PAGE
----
More importantly, the statutory rights created by section 915.01(2), Florida Statutes, were specifically preserved in rule 1.191(i)(3), which provided "[a]ny rights which shall have accrued to any defendant under the former Fla.Stat. Secs. 915.01 and 915.02 shall not be disturbed by this Rule." In promulgating the 1985 rule amendment, the Florida supreme court did not enact a provision similar to 1.191(i)(3) preserving rights. Unlike statutes, rules of procedure do not create substantive rights; they merely provide the remedies to enforce rights. See Haven Fed. Sav. & Loan Ass'n v. Kirian, 579 So.2d 730 (Fla.1991) (discussion on distinction between procedural and substantive law); State v. Garcia, 229 So.2d 236 (Fla.1969) (same); Birnholz v. 44 Wall Street Fund, Inc., 880 F.2d 335 (11th Cir.1989) (no one has a vested right in any given mode of procedure).


Relying on the first district's opinion in State v. Agee, 588 So.2d 600 (Fla. 1st DCA 1991), 3 which held that "[t]he speedy trial rule contains no 'good faith' exception," the defendant's alternative position is that he should have been discharged even if the new rule applied because "the state cannot be allowed ... to unilaterally extend the speedy trial limit and with it the fifteen day window provision of Rule 3.191(i) by its nolle prosequi and refile power." In response, the State contends that the trial court should not have construed the rule as draconian in import, but should have given meaning to its good faith language. We agree. Rule 3.191(h)(2) provides:

Nolle Prosequi; Effect. The intent and effect of this Rule shall not be avoided by the State by entering a nolle prosequi to a crime charged and by prosecuting a new crime grounded on the same conduct or criminal episode....

(Emphasis added).

If the drafters of the rule had intended the interpretation advanced by the defendant, they would have said, in fewer words, that the time period established by these rules for bringing the defendant to trial is not tolled by the entry of a nolle prosequi. Instead, the drafters used language, which as fairly interpreted, means that a nolle prosequi cannot be used for the purpose of circumventing the speedy trial rule. Although the Agee court ruled otherwise, the Supreme Court of Florida has never held that there is no good faith exception in the speedy trial rule.

Federal courts hold uniformly that there is a good faith exception to the speedy trial requirement under both the constitutional provision and the procedural rule. In United States v. MacDonald, 456 U.S. 1, 102 S.Ct. 1497, 71 L.Ed.2d 696 (1982), the United States Supreme Court concluded that because the speedy trial clause was designed to protect against pretrial incarceration and anxiety, the right to a speedy trial no longer exists once the government, in good faith, drops the charges. Once charges are dropped, the individual is placed in the same position as a person who, although subject to a criminal investigation, has not yet been accused. See generally Note, Narrowing the Scope of the Speedy Trial Right: United States v. MacDonald, 36 S.W.L.J. 1213 (1983). The MacDonald court limited its holding to cases where the government had dismissed the original charges in good faith. Id., 456 U.S. at 7, 102 S.Ct. at 1501.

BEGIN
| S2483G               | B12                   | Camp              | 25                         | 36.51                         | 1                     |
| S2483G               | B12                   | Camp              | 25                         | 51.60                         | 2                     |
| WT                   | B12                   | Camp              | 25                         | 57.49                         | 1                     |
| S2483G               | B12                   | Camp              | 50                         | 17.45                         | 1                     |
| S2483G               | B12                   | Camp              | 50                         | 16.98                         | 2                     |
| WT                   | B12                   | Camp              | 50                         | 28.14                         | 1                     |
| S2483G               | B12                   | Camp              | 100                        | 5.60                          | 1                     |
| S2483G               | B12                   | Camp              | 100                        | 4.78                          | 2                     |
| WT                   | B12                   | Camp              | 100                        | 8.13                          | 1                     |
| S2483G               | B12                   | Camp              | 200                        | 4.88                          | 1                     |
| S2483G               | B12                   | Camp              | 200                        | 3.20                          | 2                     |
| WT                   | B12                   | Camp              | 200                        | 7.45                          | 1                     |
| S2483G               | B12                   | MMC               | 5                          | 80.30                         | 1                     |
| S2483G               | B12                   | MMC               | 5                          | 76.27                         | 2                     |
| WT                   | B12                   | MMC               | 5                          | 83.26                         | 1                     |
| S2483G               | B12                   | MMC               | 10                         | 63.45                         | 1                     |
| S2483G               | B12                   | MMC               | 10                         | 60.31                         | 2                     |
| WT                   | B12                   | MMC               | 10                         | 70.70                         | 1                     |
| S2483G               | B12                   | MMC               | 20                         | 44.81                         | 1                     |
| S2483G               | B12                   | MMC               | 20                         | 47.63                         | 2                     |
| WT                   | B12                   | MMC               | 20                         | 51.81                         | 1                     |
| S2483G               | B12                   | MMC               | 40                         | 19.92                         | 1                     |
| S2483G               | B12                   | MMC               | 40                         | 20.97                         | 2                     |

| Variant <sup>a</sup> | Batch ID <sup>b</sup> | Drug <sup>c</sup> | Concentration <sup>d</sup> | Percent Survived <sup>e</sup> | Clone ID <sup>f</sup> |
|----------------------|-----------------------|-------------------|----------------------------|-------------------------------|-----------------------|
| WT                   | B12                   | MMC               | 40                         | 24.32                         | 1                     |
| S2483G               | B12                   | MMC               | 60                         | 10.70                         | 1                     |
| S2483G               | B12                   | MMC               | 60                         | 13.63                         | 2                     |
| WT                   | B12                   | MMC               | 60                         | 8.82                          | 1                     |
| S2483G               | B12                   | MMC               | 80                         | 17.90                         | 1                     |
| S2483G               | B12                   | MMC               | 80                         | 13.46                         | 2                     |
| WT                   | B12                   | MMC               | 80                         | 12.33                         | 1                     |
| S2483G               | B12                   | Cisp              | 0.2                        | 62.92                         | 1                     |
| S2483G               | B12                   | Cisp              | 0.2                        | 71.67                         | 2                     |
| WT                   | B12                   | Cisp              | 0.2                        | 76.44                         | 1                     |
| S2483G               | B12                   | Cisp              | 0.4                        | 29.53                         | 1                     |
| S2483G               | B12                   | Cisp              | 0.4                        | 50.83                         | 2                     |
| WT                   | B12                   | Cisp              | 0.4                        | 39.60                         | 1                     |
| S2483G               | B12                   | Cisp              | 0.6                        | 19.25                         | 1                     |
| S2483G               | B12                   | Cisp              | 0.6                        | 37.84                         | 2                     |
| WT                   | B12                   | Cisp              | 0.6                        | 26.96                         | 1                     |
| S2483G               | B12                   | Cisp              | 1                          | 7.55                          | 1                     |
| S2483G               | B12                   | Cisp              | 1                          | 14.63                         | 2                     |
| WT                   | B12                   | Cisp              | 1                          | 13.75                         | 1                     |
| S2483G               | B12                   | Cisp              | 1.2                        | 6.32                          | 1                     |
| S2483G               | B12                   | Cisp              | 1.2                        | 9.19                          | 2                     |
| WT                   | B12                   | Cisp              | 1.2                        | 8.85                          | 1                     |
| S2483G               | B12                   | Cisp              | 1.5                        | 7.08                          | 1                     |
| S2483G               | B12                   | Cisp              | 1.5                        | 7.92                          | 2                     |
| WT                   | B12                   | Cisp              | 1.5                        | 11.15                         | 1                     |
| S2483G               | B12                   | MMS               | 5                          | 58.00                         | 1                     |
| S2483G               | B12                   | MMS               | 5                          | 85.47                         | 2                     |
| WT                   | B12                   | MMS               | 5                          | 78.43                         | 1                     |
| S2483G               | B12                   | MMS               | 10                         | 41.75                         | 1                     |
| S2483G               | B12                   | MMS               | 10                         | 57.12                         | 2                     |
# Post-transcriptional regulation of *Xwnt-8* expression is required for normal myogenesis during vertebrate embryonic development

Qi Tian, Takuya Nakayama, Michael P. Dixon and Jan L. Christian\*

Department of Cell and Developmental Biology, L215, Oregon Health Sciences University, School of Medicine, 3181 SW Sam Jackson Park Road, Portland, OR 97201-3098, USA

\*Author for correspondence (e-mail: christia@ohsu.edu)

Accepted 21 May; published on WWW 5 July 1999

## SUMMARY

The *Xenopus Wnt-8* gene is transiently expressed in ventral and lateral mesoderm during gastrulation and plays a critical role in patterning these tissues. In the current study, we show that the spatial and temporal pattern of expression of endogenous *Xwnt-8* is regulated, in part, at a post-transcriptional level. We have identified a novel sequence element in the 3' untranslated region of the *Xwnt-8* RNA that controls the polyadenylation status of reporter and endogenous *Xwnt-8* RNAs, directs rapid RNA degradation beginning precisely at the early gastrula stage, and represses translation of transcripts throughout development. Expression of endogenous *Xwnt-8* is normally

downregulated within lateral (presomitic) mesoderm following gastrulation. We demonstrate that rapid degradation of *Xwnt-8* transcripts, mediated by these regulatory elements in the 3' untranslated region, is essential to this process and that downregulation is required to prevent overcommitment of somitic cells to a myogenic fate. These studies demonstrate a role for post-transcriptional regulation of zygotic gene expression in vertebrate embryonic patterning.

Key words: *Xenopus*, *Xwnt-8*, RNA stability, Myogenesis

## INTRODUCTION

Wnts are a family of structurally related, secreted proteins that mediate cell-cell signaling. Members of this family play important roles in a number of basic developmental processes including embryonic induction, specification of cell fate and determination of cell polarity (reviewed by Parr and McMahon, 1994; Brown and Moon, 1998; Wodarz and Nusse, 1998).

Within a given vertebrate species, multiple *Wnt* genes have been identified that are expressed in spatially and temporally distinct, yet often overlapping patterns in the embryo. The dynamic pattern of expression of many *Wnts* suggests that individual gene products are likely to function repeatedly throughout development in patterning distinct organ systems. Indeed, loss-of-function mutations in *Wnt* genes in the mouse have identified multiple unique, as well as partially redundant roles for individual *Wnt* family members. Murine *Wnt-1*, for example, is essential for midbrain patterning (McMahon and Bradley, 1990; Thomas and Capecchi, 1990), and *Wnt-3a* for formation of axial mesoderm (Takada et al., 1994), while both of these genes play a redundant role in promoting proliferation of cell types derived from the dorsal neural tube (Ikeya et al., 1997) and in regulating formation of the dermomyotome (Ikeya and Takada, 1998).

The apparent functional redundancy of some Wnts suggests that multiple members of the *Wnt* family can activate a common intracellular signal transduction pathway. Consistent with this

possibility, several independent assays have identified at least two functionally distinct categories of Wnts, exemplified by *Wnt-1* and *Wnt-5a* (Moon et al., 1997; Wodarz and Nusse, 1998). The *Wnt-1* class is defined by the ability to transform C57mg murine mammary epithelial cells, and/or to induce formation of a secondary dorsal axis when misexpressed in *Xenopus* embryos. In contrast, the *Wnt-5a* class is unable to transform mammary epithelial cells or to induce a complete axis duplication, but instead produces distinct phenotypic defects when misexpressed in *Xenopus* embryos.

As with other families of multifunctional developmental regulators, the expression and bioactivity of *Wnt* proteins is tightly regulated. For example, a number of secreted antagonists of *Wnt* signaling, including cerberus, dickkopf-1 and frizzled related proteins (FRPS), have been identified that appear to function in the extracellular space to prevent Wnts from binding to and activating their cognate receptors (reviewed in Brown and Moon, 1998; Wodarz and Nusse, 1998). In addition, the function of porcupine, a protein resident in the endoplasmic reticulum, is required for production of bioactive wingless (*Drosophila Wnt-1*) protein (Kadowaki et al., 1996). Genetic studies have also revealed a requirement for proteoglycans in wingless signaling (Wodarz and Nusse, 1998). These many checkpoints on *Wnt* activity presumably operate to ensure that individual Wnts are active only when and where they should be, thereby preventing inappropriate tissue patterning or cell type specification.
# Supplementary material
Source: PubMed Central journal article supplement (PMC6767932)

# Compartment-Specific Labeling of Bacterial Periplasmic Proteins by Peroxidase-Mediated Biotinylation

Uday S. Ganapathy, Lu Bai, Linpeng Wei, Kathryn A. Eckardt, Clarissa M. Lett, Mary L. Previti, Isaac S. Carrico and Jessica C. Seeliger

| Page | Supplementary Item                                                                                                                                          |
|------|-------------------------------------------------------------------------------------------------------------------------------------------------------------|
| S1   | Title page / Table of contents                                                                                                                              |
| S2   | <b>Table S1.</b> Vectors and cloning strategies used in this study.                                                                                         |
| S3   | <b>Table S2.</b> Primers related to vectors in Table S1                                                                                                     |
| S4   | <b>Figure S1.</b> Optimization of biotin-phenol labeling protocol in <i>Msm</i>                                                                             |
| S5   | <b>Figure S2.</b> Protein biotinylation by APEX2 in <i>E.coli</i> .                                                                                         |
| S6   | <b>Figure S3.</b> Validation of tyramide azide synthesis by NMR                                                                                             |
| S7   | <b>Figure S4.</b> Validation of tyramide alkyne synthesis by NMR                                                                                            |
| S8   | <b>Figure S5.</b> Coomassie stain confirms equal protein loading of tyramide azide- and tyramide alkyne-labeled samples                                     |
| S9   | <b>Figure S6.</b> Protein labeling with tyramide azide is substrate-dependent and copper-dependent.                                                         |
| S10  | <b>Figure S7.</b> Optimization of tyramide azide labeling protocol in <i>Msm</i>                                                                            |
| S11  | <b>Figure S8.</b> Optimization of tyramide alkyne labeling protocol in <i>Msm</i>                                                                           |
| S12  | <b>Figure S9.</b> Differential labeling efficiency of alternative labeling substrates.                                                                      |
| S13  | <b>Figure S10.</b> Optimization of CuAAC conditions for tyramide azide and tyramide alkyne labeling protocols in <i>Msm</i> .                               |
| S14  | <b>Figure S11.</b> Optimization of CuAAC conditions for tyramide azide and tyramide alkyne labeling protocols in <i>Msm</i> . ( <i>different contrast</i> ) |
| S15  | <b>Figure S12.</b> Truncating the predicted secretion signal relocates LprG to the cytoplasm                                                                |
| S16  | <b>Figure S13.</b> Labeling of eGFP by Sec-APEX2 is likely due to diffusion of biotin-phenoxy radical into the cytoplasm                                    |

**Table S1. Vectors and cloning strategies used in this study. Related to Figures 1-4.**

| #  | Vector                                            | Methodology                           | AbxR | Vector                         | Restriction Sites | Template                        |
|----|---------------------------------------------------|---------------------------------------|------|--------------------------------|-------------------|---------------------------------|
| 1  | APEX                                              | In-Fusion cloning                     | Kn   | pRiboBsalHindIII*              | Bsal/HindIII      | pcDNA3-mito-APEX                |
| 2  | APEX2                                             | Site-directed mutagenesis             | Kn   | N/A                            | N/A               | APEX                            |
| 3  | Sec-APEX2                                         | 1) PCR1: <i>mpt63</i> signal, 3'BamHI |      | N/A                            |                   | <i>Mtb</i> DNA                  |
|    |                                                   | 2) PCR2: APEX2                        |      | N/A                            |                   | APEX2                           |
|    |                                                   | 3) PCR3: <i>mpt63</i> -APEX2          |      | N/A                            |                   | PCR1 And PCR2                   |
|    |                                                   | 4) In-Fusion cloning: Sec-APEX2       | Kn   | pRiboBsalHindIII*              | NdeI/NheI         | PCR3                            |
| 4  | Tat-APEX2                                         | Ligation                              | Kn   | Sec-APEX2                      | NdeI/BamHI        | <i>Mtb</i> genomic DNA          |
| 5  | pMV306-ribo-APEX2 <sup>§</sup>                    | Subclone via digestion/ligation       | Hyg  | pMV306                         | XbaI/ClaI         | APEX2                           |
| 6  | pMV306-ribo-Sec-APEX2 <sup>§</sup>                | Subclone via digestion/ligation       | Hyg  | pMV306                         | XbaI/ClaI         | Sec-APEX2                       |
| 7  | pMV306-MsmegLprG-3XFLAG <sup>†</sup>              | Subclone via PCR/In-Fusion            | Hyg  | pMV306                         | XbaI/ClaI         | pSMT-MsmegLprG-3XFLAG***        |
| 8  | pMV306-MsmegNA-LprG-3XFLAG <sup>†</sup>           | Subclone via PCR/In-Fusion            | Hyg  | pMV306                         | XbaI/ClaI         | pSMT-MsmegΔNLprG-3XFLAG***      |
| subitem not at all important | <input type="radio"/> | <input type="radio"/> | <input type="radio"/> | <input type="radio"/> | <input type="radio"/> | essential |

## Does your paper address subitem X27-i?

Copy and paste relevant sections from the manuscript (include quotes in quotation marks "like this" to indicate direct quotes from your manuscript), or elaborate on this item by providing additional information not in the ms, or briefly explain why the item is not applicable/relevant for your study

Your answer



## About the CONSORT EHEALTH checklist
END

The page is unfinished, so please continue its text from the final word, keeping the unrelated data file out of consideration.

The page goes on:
Under the Federal Speedy Trial Act, 18 U.S.C. sections 3161(d) and 3161(h)(6), the period after dismissal of initial charges is not included in determining whether the speedy trial clause has been violated, unless the prosecution dismissed the charges as a tactical measure. See United States v. Rodriguez-Restrepo, 680 F.2d 920 (2d Cir.1982) (time between dismissal of original indictment and defendant's subsequent appearance to answer later indictment on same charges was not to be included in computing time elapsed under Speedy Trial Act); United States v. Pajari, 715 F.2d 1378 (8th Cir.1983); United States v. Hicks, 693 F.2d 32 (5th Cir.1982); United States v. Martin, 543 F.2d 577 (6th Cir.1976). Because the speedy trial rule has no application where the government, acting in good faith, formally drops charges before the speedy trial period expires, the rule does not prevent the government from reopening the case.

A correct interpretation of rule 3.191(i)(3) of the 1985 revised speedy trial rule, which honors Bloom and this court's opinion in Zabrani, is that it applies to the refiled indictment because the operative event, the filing of the motion for discharge, did not occur until May, 1991. A fair reading of rule 3.191(h)(2), consistent with the federal rule, instructs that the running of the speedy trial period is tolled with the dismissal of an indictment unless the accused shows that the dismissal was tactical or in bad faith. No contention is made in this appeal that the trial court's no-bad-faith finding was without a factual basis.

Reversed and remanded for further consistent proceedings.


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  • Doe v. State
    • United States
    • Florida District Court of Appeals
    • 28 Septiembre 2016 creates substantive rights; rules of procedure ... ‘merely provide the remedies to enforce rights.’ " (quoting State v. Dorian, 619 So.2d 311, 313 (Fla. 3d DCA 1993) )). To elevate a rule of procedure or judicial administration—drafted by a committee and adopted under authority relegate......
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    • Florida District Court of Appeals